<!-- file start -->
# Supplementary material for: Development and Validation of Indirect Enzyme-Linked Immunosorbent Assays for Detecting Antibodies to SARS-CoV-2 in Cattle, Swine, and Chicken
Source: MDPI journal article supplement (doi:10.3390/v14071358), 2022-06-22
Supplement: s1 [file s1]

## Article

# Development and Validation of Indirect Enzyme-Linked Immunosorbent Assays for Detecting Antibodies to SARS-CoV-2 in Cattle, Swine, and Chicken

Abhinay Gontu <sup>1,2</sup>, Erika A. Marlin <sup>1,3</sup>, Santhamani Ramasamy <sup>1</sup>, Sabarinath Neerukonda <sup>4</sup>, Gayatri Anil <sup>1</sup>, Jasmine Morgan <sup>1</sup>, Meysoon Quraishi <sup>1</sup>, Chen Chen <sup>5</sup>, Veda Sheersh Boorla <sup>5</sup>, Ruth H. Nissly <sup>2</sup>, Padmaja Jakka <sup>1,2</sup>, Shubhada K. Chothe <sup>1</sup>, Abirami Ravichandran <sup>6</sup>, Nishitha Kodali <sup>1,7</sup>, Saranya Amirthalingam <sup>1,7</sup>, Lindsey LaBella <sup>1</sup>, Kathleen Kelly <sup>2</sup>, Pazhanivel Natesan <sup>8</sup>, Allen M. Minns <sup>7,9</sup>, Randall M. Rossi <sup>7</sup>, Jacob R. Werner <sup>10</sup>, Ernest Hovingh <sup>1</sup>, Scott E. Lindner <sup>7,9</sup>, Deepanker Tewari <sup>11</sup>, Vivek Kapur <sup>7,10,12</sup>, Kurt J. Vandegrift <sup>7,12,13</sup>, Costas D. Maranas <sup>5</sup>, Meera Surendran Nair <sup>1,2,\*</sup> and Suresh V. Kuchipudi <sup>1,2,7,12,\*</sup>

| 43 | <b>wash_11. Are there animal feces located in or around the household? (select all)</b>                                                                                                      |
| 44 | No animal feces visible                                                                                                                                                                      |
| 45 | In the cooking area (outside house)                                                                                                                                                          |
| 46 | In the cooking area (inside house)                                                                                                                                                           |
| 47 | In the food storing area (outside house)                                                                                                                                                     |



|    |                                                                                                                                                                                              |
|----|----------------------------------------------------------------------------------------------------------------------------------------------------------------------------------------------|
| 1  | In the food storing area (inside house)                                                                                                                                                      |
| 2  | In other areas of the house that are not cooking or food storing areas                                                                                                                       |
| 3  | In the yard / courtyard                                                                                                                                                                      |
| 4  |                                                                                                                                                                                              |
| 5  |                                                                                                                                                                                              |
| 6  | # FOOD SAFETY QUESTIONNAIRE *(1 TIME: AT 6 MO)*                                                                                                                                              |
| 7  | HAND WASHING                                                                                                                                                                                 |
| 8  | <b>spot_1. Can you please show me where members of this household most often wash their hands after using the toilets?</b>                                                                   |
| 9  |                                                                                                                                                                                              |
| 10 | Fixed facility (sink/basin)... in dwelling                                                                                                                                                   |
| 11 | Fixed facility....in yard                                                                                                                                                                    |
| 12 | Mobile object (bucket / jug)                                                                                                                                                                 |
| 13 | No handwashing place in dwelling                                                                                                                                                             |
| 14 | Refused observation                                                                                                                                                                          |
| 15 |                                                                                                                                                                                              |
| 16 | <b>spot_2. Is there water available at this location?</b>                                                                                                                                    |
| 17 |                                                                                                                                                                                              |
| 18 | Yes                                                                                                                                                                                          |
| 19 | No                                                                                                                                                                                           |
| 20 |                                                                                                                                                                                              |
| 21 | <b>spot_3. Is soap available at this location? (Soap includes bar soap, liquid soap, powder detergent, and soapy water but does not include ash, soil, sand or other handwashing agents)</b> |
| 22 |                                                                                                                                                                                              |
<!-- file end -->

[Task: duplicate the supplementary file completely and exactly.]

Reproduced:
# Supplementary material for: Development and Validation of Indirect Enzyme-Linked Immunosorbent Assays for Detecting Antibodies to SARS-CoV-2 in Cattle, Swine, and Chicken
Source: MDPI journal article supplement (doi:10.3390/v14071358), 2022-06-22
Supplement: s1 [file s1]

## Article

# Development and Validation of Indirect Enzyme-Linked Immunosorbent Assays for Detecting Antibodies to SARS-CoV-2 in Cattle, Swine, and Chicken

Abhinay Gontu <sup>1,2</sup>, Erika A. Marlin <sup>1,3</sup>, Santhamani Ramasamy <sup>1</sup>, Sabarinath Neerukonda <sup>4</sup>, Gayatri Anil <sup>1</sup>, Jasmine Morgan <sup>1</sup>, Meysoon Quraishi <sup>1</sup>, Chen Chen <sup>5</sup>, Veda Sheersh Boorla <sup>5</sup>, Ruth H. Nissly <sup>2</sup>, Padmaja Jakka <sup>1,2</sup>, Shubhada K. Chothe <sup>1</sup>, Abirami Ravichandran <sup>6</sup>, Nishitha Kodali <sup>1,7</sup>, Saranya Amirthalingam <sup>1,7</sup>, Lindsey LaBella <sup>1</sup>, Kathleen Kelly <sup>2</sup>, Pazhanivel Natesan <sup>8</sup>, Allen M. Minns <sup>7,9</sup>, Randall M. Rossi <sup>7</sup>, Jacob R. Werner <sup>10</sup>, Ernest Hovingh <sup>1</sup>, Scott E. Lindner <sup>7,9</sup>, Deepanker Tewari <sup>11</sup>, Vivek Kapur <sup>7,10,12</sup>, Kurt J. Vandegrift <sup>7,12,13</sup>, Costas D. Maranas <sup>5</sup>, Meera Surendran Nair <sup>1,2,\*</sup> and Suresh V. Kuchipudi <sup>1,2,7,12,\*</sup>

| 43 | <b>wash_11. Are there animal feces located in or around the household? (select all)</b>                                                                                                      |
| 44 | No animal feces visible                                                                                                                                                                      |
| 45 | In the cooking area (outside house)                                                                                                                                                          |
| 46 | In the cooking area (inside house)                                                                                                                                                           |
| 47 | In the food storing area (outside house)                                                                                                                                                     |



|    |                                                                                                                                                                                              |
|----|----------------------------------------------------------------------------------------------------------------------------------------------------------------------------------------------|
| 1  | In the food storing area (inside house)                                                                                                                                                      |
| 2  | In other areas of the house that are not cooking or food storing areas                                                                                                                       |
| 3  | In the yard / courtyard                                                                                                                                                                      |
| 4  |                                                                                                                                                                                              |
| 5  |                                                                                                                                                                                              |
| 6  | # FOOD SAFETY QUESTIONNAIRE *(1 TIME: AT 6 MO)*                                                                                                                                              |
| 7  | HAND WASHING                                                                                                                                                                                 |
| 8  | <b>spot_1. Can you please show me where members of this household most often wash their hands after using the toilets?</b>                                                                   |
| 9  |                                                                                                                                                                                              |
| 10 | Fixed facility (sink/basin)... in dwelling                                                                                                                                                   |
| 11 | Fixed facility....in yard                                                                                                                                                                    |
| 12 | Mobile object (bucket / jug)                                                                                                                                                                 |
| 13 | No handwashing place in dwelling                                                                                                                                                             |
| 14 | Refused observation                                                                                                                                                                          |
| 15 |                                                                                                                                                                                              |
| 16 | <b>spot_2. Is there water available at this location?</b>                                                                                                                                    |
| 17 |                                                                                                                                                                                              |
| 18 | Yes                                                                                                                                                                                          |
| 19 | No                                                                                                                                                                                           |
| 20 |                                                                                                                                                                                              |
| 21 | <b>spot_3. Is soap available at this location? (Soap includes bar soap, liquid soap, powder detergent, and soapy water but does not include ash, soil, sand or other handwashing agents)</b> |
| 22 |                                                                                                                                                                                              |